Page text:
Collections > Master's Papers > Gillings School of Public Health > The Efficiency of Aqueous Sodium Bisulfite as a Collection Medium for Formaldehyde, Using the Midget Impinger and Varying Sampling Conditions, and the Development of a Vapor Generation System for Use in the Study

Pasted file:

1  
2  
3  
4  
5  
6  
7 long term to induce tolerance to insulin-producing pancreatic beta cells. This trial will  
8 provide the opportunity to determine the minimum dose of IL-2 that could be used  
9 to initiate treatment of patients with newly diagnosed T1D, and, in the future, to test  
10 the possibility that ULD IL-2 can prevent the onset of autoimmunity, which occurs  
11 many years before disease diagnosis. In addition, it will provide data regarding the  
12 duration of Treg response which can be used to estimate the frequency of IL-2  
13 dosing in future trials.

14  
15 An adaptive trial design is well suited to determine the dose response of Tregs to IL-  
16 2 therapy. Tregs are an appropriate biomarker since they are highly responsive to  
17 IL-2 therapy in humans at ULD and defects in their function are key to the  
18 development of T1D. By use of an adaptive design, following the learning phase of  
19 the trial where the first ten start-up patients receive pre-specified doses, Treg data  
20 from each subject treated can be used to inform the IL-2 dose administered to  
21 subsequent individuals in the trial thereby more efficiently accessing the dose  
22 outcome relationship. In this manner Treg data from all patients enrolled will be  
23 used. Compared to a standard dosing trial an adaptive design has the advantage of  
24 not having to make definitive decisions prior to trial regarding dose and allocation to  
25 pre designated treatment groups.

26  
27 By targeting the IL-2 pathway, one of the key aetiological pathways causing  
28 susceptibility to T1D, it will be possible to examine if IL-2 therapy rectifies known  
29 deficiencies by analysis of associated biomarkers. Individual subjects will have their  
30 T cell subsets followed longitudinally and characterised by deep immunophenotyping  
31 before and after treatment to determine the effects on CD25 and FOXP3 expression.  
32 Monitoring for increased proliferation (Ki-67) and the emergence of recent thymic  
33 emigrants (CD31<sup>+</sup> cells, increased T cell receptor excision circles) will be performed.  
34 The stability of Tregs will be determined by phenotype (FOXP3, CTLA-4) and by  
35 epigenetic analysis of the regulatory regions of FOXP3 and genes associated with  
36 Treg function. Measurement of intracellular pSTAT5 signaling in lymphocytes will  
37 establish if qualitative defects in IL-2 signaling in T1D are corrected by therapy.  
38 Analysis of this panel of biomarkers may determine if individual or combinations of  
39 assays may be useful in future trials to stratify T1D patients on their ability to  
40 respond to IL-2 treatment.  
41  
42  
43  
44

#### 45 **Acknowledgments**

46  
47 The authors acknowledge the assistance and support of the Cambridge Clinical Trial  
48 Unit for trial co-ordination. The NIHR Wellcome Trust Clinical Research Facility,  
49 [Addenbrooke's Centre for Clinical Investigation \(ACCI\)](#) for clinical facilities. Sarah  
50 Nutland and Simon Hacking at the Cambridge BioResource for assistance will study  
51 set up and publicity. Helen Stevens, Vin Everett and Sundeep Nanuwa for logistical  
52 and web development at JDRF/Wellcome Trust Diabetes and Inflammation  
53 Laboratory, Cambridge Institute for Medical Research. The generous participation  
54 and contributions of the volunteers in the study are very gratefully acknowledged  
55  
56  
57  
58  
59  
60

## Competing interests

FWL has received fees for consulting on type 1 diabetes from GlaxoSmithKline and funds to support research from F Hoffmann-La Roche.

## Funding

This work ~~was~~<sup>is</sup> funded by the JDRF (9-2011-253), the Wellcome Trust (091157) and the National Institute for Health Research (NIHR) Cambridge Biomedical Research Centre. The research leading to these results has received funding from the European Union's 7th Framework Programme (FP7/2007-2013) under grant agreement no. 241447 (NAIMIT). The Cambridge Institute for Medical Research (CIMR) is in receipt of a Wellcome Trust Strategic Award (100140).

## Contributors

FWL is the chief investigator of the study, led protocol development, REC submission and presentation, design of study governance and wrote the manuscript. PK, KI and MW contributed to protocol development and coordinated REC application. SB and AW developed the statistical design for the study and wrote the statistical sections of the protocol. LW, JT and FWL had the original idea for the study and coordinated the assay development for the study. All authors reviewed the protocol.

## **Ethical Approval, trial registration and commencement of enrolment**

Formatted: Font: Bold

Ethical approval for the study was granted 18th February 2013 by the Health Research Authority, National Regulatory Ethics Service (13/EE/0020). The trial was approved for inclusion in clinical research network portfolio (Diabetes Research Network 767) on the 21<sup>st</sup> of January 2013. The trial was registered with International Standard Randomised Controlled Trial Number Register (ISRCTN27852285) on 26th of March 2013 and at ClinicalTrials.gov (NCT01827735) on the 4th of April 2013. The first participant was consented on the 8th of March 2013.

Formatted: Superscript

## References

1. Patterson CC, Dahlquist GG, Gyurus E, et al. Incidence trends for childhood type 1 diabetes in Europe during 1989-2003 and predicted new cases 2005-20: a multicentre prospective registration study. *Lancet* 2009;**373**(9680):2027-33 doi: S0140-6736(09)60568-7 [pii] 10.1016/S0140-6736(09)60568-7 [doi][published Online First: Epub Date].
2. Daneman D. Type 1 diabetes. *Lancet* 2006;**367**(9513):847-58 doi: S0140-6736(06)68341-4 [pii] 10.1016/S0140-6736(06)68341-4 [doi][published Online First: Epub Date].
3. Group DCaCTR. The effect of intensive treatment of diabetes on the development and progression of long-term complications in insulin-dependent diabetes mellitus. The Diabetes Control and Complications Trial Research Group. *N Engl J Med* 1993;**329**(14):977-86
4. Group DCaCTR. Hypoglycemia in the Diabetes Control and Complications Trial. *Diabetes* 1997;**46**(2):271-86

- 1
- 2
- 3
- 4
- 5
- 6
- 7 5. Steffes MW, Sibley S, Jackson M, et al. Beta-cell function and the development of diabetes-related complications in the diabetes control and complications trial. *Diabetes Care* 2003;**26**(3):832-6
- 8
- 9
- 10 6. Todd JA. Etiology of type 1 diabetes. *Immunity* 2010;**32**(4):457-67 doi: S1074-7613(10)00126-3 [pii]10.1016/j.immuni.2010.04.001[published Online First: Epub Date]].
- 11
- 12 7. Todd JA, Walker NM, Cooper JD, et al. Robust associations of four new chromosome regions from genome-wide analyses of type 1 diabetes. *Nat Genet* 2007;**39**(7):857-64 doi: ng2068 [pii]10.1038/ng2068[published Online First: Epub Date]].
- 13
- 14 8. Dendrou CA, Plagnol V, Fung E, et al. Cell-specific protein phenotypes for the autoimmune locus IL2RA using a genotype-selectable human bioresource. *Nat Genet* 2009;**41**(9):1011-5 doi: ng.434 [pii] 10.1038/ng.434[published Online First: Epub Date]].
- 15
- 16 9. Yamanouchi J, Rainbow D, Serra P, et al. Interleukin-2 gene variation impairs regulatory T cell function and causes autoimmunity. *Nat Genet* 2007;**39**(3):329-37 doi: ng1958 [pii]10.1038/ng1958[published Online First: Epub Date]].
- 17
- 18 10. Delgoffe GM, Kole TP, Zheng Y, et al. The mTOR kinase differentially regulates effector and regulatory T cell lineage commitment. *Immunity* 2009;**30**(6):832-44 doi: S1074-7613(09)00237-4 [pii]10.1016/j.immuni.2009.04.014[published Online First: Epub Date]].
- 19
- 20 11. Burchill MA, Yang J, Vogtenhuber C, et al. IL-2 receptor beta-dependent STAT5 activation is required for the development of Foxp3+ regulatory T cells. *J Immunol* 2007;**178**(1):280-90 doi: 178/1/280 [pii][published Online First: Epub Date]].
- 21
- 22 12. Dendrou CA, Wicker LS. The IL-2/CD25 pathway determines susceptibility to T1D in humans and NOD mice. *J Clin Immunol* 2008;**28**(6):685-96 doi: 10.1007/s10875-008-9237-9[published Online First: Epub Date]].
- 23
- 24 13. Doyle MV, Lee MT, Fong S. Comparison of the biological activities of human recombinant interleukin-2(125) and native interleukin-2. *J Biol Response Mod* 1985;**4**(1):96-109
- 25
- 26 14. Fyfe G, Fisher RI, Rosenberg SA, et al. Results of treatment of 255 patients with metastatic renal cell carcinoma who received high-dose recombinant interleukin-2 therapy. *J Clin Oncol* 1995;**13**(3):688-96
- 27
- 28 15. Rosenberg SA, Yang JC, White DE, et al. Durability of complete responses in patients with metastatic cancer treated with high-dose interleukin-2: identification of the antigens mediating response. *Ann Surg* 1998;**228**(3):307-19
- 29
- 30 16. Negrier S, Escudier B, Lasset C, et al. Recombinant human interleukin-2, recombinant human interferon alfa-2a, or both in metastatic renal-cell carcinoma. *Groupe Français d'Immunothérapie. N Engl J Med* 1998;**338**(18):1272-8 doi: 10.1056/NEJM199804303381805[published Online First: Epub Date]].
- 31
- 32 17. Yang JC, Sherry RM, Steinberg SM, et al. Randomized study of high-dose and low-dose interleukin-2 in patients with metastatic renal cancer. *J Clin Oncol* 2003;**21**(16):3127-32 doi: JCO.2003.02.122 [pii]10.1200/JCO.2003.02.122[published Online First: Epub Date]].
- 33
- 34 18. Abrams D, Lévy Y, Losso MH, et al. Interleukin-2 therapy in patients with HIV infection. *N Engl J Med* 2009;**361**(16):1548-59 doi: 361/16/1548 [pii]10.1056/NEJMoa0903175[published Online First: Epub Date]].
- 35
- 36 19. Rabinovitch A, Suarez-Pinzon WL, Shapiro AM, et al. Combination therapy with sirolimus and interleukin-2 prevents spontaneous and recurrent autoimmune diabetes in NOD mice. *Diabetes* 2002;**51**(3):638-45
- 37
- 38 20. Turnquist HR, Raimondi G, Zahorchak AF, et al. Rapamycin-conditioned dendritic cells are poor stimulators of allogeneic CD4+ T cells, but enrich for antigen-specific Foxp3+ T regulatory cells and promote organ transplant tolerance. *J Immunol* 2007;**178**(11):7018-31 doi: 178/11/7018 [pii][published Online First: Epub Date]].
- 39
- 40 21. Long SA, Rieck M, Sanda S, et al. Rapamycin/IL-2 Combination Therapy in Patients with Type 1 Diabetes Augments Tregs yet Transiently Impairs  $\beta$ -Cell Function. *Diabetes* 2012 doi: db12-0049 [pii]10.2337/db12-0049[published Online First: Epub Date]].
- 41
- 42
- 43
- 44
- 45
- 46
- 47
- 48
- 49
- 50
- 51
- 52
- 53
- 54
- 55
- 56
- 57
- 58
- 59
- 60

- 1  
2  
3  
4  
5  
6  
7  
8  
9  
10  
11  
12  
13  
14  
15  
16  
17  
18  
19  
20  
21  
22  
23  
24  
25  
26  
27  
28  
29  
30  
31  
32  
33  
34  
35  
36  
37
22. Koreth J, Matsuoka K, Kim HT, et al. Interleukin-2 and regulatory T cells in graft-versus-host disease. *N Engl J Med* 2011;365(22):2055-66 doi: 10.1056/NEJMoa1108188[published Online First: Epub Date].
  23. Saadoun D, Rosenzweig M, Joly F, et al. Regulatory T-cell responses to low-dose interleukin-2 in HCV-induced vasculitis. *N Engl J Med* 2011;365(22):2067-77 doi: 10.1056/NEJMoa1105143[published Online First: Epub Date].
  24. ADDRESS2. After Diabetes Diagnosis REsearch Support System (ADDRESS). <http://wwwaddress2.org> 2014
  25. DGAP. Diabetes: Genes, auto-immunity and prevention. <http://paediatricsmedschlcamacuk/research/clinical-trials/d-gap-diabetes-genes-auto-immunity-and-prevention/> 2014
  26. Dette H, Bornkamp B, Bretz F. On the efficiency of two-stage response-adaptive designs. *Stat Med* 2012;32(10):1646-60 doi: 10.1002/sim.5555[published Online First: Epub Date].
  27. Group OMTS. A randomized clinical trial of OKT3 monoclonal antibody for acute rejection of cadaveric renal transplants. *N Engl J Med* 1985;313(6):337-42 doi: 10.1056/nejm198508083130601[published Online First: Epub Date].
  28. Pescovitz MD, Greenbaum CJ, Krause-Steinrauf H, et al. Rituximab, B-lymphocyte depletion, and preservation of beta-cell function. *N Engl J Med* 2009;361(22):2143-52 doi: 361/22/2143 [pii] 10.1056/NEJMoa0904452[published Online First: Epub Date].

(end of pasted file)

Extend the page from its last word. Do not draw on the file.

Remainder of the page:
Currently, the most popular method for the collection of atmospheric samples of formaldehyde, known as the chromotropic acid method (and published by the National Institute for Occupational Safety and Health [NIOSH] as NIOSH Method 3500), includes the use of an impinger containing aqueous sodium bisulfite. A review of the literature indicated that the documentation of the collection efficiency for this method is limited to only a few combinations of air-flow rate, sampling time, and airborne formaldehyde concentration, and the consequent normal sampling time is about 1 hr. This study evaluated the collection efficiency across wide ranges of these factors for the purpose of extending the useful range of the method. A laboratory apparatus was developed that can precisely generate known airborne formaldehyde concentrations ranging from 0.4 to 6.4 ppm, and this generation apparatus was used to conduct the study. Very good collection efficiency, averaging 96%, was found across a wide range of each of the three factors varied in the study. Specifically, flow rates between 0.1 and 1 L/min, sampling times between 1 and 4 hr, and concentrations between 0.4 and 6.4 ppm were determined to provide good collection efficiency. An exception to this statement is that for the combination of long sampling times and high concentrations, a statistically significant trend of declining efficiency was detected; however, it was not determined what physical significance the latter finding held.